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Vascular smooth muscle cells (VSMCs) exhibit remarkable plasticity during postnatal development. Vascular injury initiates and perpetuates VSMCs dedifferentiation to a synthetic phenotype, which has been increasingly recognized to play a central role in neointimal hyperplasia during the pathogenesis of vascular proliferative diseases. MicroRNAs (miRNAs) are a novel class of regulatory noncoding RNAs that regulate gene expression at the posttranscriptional level by binding to 3′ untranslated regions of target mRNAs, leading to either degrading mRNAs or inhibiting their translation. There is emerging evidence that miRNAs are critical regulators of widespread cellular functions such as differentiation, proliferation, and migration. Recent studies have indicated that a number of specific miRNAs play important roles in regulation of vascular cell functions and contribute to neointimal hyperplasia after vascular injury. Here, we review recent advance regarding functions of specific miRNAs in vasculature and discuss possible mechanisms by which miRNAs modulate proliferation and differentiation of VSMCs.
MicroRNA (miRNA) is a class of highly conserved, single-stranded, noncoding small RNAs that control cellular function by either degrading mRNAs or inhibiting their translation. MiRNAs are produced from longer primary RNA precursors (pri-miRNAs) containing stem-loop structures that are transcribed from genomes by RNA polymerase II and cleaved in the nucleus by the complex of the RNase III enzyme Drosha and its partner DGCR8/Pasha to form approximately 70-nucleotide pre-miRNAs [1-5]. Pre-miRNAs are transported into the cytoplasm by Exportin-5 and subsequently processed by the nuclease Dicer into the 20- to 24-nucleotide mature miRNA [6-9]. MiRNAs regulate gene expression at the posttranscriptional level by binding to 3′ untranslated regions (UTRs) of target mRNAs that are fully or partially complementary, leading to either translational repression or mRNA decay [10-13]. Bioinformatic and basic studies have revealed that a single miRNA can regulate hundreds of genes and that one gene can be modulated by a number of miRNAs . In recent years, a growing body of evidence suggests that miRNAs are critical regulators of widespread cellular functions, such as differentiation, proliferation, migration, and apoptosis . MiRNAs might play pivotal roles in the pathogenesis of a variety of human diseases, including cancer and vascular diseases.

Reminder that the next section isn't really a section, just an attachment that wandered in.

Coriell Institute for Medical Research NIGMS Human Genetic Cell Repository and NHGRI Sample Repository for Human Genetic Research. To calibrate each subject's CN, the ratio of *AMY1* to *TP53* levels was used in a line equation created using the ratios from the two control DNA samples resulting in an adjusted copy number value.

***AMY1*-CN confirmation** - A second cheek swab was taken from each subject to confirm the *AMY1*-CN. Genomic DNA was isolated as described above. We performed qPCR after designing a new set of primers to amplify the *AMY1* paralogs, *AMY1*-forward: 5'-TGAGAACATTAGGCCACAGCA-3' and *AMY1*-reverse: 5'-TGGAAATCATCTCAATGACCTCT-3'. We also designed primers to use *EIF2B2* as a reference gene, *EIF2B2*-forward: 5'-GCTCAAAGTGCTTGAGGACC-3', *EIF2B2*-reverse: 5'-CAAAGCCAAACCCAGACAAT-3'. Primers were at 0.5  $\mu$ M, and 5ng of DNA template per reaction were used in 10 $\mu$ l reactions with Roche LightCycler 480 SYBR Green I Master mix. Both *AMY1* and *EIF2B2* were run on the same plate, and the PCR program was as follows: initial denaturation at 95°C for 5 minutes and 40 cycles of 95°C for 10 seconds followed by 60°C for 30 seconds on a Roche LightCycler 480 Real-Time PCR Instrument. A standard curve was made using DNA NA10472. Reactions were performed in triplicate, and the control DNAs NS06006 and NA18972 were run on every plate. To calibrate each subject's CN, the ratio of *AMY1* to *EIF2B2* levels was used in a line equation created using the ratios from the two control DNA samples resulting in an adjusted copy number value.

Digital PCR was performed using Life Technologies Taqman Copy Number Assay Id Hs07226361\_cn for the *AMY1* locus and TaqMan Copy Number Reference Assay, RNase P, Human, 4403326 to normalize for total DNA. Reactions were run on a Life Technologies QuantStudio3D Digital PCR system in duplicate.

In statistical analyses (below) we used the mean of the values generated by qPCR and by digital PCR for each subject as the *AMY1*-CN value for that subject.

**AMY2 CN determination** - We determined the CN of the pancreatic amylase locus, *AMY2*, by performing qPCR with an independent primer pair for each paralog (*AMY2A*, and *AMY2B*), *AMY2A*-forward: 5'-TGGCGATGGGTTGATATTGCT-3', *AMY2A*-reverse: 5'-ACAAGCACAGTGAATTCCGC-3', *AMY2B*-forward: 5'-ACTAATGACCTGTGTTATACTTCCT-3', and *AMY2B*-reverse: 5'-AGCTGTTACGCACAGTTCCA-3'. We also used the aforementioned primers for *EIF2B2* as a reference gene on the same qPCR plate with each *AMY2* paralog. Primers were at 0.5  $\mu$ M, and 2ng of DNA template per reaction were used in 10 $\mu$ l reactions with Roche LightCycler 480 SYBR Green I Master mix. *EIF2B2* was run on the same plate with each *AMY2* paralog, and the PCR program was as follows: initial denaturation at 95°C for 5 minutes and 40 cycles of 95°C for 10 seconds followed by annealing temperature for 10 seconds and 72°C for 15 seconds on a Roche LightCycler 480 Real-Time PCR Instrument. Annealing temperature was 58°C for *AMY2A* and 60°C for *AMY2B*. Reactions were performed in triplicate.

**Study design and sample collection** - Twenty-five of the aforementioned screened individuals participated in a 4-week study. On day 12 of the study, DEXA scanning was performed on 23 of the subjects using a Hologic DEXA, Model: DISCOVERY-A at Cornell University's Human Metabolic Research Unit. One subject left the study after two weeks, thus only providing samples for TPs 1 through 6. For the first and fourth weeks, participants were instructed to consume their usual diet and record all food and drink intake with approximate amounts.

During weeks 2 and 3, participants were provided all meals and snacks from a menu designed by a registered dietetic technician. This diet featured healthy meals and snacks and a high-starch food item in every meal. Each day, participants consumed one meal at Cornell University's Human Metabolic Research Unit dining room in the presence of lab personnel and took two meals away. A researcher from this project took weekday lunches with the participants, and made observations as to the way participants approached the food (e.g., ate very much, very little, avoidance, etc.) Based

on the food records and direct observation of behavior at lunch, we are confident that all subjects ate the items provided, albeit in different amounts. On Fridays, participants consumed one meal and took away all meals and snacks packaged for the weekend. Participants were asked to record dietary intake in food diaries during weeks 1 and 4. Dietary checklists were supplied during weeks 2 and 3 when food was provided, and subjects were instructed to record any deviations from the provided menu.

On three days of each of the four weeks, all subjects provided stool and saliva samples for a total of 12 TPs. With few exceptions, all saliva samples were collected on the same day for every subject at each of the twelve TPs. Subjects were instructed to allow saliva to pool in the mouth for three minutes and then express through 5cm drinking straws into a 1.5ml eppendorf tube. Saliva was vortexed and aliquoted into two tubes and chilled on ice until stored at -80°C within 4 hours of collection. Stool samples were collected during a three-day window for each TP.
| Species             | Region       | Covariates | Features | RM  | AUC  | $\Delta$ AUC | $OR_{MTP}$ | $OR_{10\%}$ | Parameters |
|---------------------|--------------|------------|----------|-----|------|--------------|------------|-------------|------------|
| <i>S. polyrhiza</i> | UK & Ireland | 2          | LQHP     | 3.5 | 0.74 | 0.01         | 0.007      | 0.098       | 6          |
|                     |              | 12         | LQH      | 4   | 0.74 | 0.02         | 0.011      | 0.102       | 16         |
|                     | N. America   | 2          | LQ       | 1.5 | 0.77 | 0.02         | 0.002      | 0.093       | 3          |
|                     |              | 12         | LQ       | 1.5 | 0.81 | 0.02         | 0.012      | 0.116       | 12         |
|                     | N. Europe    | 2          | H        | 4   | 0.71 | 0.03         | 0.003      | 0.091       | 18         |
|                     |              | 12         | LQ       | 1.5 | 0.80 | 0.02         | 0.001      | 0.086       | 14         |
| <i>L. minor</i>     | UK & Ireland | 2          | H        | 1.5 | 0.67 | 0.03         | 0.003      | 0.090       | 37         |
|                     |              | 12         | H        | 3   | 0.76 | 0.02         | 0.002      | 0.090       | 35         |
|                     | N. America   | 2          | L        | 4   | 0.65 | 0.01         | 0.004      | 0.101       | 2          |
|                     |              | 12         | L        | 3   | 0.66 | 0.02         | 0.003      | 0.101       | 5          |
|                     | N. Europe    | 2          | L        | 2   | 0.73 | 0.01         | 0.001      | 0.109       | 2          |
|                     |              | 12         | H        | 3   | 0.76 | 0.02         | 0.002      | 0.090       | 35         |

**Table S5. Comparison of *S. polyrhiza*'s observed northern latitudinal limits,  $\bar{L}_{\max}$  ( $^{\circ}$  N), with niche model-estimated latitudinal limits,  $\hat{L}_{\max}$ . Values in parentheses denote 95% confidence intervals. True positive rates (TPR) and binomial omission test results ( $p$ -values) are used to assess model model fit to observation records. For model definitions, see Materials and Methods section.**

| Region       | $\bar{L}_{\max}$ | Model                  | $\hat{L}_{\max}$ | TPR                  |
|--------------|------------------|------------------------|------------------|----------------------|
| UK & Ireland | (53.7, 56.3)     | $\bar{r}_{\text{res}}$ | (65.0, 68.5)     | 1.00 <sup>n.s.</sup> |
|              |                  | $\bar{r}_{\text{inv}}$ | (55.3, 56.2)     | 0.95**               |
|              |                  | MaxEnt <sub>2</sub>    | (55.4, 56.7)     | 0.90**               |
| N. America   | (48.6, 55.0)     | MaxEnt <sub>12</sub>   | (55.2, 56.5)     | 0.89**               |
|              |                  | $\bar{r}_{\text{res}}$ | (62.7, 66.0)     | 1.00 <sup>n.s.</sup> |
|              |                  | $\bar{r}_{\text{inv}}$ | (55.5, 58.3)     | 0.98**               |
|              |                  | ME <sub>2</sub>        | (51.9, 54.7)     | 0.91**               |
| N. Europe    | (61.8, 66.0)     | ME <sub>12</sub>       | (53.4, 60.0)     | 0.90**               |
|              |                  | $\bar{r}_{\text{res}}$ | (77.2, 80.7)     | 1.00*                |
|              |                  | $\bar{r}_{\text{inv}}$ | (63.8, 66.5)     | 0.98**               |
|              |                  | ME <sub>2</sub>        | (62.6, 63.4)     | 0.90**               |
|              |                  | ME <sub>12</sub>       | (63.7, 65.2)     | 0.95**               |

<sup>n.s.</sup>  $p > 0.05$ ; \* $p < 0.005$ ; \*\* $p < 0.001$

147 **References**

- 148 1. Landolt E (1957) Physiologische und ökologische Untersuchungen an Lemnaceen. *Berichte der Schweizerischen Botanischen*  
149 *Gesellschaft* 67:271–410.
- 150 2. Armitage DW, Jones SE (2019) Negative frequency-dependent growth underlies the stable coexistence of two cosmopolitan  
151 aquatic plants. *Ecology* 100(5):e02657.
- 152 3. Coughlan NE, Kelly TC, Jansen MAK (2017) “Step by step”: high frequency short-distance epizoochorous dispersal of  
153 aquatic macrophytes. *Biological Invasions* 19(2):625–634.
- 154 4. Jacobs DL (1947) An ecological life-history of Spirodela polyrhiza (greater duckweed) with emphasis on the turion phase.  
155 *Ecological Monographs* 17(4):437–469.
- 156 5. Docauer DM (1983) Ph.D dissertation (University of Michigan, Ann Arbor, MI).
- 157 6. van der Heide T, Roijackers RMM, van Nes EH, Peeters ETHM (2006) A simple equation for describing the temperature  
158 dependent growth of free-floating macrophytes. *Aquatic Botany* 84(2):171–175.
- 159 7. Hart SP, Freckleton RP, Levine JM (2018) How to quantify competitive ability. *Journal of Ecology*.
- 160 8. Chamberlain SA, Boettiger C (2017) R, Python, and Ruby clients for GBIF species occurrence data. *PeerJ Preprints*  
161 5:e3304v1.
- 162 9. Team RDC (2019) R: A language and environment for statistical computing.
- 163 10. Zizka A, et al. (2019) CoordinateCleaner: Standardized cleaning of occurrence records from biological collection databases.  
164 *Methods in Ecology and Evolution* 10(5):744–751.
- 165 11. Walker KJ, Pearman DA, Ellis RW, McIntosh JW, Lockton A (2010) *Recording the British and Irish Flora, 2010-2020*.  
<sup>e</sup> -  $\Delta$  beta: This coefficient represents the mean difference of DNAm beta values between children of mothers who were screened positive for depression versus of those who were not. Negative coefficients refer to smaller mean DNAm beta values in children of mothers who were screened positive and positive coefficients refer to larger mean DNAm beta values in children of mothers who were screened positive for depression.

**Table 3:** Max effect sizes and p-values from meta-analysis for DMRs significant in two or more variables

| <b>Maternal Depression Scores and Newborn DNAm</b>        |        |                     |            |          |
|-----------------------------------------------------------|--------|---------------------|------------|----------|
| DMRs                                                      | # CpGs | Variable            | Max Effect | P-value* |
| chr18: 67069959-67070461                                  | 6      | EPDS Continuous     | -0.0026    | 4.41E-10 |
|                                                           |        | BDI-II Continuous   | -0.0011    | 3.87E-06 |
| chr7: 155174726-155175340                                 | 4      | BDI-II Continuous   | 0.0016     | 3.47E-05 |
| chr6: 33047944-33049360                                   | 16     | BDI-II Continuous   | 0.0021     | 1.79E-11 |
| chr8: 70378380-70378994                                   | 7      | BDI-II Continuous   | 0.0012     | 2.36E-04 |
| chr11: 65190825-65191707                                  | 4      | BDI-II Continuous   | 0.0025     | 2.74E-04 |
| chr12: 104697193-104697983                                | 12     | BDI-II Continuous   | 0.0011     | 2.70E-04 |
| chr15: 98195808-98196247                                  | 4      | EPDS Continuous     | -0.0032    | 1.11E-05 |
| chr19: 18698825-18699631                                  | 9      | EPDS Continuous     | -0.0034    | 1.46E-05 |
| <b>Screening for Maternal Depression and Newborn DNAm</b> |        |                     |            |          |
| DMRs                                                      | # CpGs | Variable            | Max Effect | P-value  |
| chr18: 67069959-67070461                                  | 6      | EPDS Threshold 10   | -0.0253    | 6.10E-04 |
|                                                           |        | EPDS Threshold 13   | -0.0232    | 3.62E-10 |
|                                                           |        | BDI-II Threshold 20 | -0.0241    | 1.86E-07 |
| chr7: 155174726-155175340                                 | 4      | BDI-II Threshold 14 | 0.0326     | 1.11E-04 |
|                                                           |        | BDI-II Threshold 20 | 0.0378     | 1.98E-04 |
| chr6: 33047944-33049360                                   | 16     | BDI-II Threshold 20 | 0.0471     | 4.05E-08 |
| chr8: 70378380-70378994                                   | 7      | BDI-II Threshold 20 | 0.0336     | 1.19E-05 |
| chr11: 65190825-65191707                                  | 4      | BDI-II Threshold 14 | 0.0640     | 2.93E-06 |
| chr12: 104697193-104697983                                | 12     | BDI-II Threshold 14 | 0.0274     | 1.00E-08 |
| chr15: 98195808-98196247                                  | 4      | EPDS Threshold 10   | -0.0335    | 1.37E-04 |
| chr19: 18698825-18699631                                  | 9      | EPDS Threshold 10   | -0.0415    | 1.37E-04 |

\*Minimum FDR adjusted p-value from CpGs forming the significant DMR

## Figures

Vascular smooth muscle cells (VSMCs), the predominant cells in tunica media of artery, are highly specialized cells that regulate blood pressure through the regulation of blood vessel tone. In contrast to terminally differentiated muscle cells, VSMCs in the postnatal organism retain remarkable plasticity and can switch between differentiated and dedifferentiated phenotypes in response to physiological and pathological cues, such as vascular injury, hypertension, and atherosclerosis . Differentiated VMSCs demonstrate a very low rate of proliferation, appropriate contractility to contractile cues, and express SMC-specific genes, such as smooth muscle α-actin, smooth muscle myosin heavy chain (SM-MHC), SM22α, and calponin. In response to vascular injury or growth factor signaling, VSMCs dedifferentiate and adopt a synthetic phenotype, which is characterized by increased proliferation, migration, enhanced production of collagens and matrix metalloproteinases, and diminished expression of SMC-specific contractile markers . Although VSMC dedifferentiation to the synthetic phenotype is believed to be critical for the response to vascular injury, this process has also been correlated with multiple vascular proliferative diseases, including restenosis after balloon angioplasty or stenting, atherosclerosis, and transplant vasculopathy [16, 18]. Recent studies have indicated that many miRNAs are highly expressed in vascular system and involved in the control of proliferation and differentiation of VSMCs.